Now, here we are in 2016, once again one game away from winning the pennant that has eluded them since the end of World War II. The Cubs have two chances in their home ballpark to win just one game.
The statistical analysts at FiveThirtyEight say the Cubs curse is now more likely to end than continue. “According to FiveThirtyEight’s Elo prediction model, the Cubs have an 81 percent chance of capturing the franchise’s first pennant since 1945,” Neil Paine wrote for the website. “And with a 51 percent probability of winning the World Series, Chicago is now more likely than not to end its 108-year drought and celebrate a title for the first time since 1908.”
Beleaguered Cubs fans of course have heard this all before. Maybe we didn’t have it statistically spelled out for us, but we knew that we should have made it to the World Series in 1984 and 2003.
There are lessons that those past failures have taught us that should serve us well for tonight’s game and, if necessary, tomorrow’s.
Throw out FiveThirtyEight and its statistical predictions. We know that one last win isn’t likely to come easily. We also know that we can throw out any and all assumptions and presumptions about favorable matchups, especially when we know we’ll be facing the Dodgers’ best in Clayton Kershaw, Rich Hill and Kenley Jackson.
But mostly we know that at some point in the game there will be a freak play, a questionable call, or an error that will cause our collective hearts to temporarily stop beating. When that happens, we all need to realize that our hearts still work. We just need to take a collective deep breath, and realize that this is baseball. These things happen in virtually every game that is played. Once we come to this realization and have our collective breath back we need to all stand up and do what we’re supposed to do. We cheer for our team. We can’t let one freaky play dictate what follows.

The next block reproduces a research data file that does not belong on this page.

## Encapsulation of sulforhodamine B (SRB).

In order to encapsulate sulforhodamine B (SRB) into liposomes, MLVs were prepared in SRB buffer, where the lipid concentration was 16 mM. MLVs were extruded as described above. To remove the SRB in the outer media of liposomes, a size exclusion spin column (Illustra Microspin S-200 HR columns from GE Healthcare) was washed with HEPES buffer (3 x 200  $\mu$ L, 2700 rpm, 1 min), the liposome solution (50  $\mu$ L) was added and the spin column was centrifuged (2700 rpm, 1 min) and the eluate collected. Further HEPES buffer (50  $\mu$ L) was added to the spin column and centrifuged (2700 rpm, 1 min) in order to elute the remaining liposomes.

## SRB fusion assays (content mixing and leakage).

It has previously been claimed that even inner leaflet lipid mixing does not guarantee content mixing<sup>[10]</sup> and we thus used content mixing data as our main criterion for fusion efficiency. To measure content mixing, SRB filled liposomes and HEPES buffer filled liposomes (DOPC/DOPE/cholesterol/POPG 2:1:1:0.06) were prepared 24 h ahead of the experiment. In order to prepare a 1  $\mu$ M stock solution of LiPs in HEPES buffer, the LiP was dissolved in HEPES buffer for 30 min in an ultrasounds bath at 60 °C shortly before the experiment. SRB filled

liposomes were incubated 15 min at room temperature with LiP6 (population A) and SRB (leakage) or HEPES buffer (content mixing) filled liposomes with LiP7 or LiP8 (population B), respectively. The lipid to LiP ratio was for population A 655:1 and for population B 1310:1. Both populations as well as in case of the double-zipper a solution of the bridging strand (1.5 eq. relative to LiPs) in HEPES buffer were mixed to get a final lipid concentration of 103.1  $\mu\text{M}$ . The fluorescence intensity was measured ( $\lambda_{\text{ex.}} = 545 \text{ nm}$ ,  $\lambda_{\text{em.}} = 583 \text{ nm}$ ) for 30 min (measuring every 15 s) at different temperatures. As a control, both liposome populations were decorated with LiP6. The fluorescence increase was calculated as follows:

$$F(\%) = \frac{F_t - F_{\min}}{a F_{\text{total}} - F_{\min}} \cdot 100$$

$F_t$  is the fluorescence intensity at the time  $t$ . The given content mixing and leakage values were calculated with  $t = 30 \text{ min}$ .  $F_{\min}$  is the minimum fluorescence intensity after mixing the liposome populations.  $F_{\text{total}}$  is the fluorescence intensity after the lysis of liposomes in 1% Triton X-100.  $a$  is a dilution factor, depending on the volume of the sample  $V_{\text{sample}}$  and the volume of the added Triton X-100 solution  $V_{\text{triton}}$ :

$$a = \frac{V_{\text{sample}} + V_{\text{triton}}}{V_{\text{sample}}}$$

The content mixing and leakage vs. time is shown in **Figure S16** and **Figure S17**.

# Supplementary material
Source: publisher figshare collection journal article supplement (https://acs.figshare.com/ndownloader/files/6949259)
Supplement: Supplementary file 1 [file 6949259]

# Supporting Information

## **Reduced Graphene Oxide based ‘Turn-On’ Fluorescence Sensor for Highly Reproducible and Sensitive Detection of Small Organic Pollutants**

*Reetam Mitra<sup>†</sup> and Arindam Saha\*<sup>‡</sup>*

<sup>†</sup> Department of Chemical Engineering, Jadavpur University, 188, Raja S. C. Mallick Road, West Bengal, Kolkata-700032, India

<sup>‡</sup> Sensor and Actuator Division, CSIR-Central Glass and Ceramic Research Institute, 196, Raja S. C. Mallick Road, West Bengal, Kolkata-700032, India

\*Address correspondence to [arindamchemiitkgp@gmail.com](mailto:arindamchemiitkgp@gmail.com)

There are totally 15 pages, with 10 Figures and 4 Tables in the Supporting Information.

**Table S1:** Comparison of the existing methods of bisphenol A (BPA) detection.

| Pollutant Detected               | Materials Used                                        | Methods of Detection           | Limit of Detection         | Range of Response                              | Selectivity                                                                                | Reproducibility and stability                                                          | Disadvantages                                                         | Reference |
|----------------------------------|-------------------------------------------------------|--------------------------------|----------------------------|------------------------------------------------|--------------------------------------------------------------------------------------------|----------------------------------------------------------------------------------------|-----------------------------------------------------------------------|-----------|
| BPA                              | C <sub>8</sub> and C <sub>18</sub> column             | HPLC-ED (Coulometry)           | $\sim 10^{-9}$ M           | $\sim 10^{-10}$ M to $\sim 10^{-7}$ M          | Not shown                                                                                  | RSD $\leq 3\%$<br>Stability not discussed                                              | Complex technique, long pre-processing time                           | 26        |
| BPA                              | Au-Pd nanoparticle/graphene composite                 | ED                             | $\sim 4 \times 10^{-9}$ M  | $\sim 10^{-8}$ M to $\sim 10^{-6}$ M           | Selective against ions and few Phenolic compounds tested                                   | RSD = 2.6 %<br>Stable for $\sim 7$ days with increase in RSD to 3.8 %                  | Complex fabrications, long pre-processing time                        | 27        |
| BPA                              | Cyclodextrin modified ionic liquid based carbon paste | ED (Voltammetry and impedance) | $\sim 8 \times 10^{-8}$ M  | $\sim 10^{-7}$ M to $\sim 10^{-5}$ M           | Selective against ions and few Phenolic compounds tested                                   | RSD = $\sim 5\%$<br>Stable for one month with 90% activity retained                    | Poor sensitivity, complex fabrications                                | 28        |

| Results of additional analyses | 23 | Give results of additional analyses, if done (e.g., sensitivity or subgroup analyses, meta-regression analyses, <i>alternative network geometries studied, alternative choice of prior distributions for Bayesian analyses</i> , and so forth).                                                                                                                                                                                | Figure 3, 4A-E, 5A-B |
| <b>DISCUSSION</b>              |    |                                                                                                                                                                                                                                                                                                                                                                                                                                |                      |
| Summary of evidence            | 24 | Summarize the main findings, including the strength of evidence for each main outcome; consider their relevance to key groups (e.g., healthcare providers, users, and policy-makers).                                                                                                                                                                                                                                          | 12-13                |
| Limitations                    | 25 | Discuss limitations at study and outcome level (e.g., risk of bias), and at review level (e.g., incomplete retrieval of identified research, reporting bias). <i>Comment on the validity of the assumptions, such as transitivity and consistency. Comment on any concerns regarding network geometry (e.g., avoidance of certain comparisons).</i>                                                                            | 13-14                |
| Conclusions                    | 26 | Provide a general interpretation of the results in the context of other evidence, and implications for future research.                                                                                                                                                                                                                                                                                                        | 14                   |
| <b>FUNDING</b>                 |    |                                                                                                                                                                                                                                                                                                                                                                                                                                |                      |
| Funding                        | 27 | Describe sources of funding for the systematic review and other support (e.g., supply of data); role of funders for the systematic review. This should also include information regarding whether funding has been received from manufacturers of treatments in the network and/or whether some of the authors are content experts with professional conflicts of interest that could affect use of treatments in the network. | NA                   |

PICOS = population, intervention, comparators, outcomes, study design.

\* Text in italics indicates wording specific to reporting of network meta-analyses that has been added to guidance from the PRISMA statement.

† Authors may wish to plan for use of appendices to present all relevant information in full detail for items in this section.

We should also realize that the 2016 Cubs are better equipped to win this last game than either the 1984 or the 2003 versions. Not only are they a much looser bunch, as evidenced by the way they came back to score 18 runs the last two games after going scoreless in back-to-back games, but they’ve been here before. Sure they got swept last year in the NLCS, but they have that experience and had to win a one-game Wild Card Playoff and the NLDS to get there. They were expected to be back this year, and all season long they’ve lived up to the lofty expectations set upon them. In comparison, the 1984 and 2003 versions were both 5th place teams in their prior seasons, going a combined 138-188. They had no postseason experience coming into the season and no serious expectations placed upon them.
There’s good reason this Cubs’ team won 103 games this season, eight games more than any other team in baseball. They’re the best team in baseball, and probably the best Cubs’ team in most of our lifetimes.
Bill Murray’s got the right attitude, with his Ghostbuster parody T-shirt that says: We ain’t afraid of no goat. For 71 years now, we’ve let a stinkin’ goat keep us away from the World Series. It’s time to give that old goat the boot.
Randy Richardson is the author of the Wrigleyville murder mystery, Lost in the Ivy, and a regular contributor to Wrigleyville Nation